Stanford, V. “Pervasive Computing Goes the Last Hundred Feet with RFID Systems,” IEEE Pervasive Computing, Vol. 2, 2 (April-June 2003), 9-14  
ID tags, as RFID technology has come to be known, are low-power, short-range communication devices that can be deployed in quite different environments and various contexts. Low-end passive tags have approximately 32 bytes of local storage and are powered by the RF field generated by the readers. High-end tags can have full-blown microcontrollers and multiple interfaces to the environment, with local batteries to power them. These tags are far more versatile than product bar codes. These tags can be

• Scanned without first establishing the line-of-sight,
• Scanned many at a time,
• Scanned and captured data far more than what is embedded on the printed bar code,
• Scanned and updated,
• Interfaced to different sensors and devices.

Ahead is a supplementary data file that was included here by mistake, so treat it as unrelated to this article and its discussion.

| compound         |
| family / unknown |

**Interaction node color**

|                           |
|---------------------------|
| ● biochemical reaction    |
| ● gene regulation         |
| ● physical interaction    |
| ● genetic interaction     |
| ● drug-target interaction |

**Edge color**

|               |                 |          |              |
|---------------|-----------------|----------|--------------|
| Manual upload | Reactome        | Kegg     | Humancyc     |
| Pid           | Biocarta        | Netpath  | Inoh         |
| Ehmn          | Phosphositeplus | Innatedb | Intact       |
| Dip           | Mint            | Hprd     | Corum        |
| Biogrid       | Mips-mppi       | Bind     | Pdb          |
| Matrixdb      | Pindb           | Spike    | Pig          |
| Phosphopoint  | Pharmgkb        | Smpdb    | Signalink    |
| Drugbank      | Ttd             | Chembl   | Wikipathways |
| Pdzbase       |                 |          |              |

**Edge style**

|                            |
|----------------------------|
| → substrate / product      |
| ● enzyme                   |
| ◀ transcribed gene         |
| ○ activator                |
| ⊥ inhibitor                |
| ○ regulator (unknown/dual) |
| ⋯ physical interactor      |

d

Applications include (given in the article):
• Access control: RFID tags embedded into personal ID cards,
• Baggage ID: Passive tags embedded in paper luggage tags,
• Automotive systems: Keyless entry and immobilization systems,
• Document tracking: Passive tags affixed to ducments,
• Express-parcel tracking: FedEx tags drivers and packages for various purposes,
• Library checkout and check-in: Passive tags in books,
• Livestock or pet tracking: Tags injected into pets, aiding recovery when they are lost,
• Logistics and supply chain: Container and product tracking,
• Wireless commerce: Speedpass and E-ZPass pay tolls and gasoline purchases.
 
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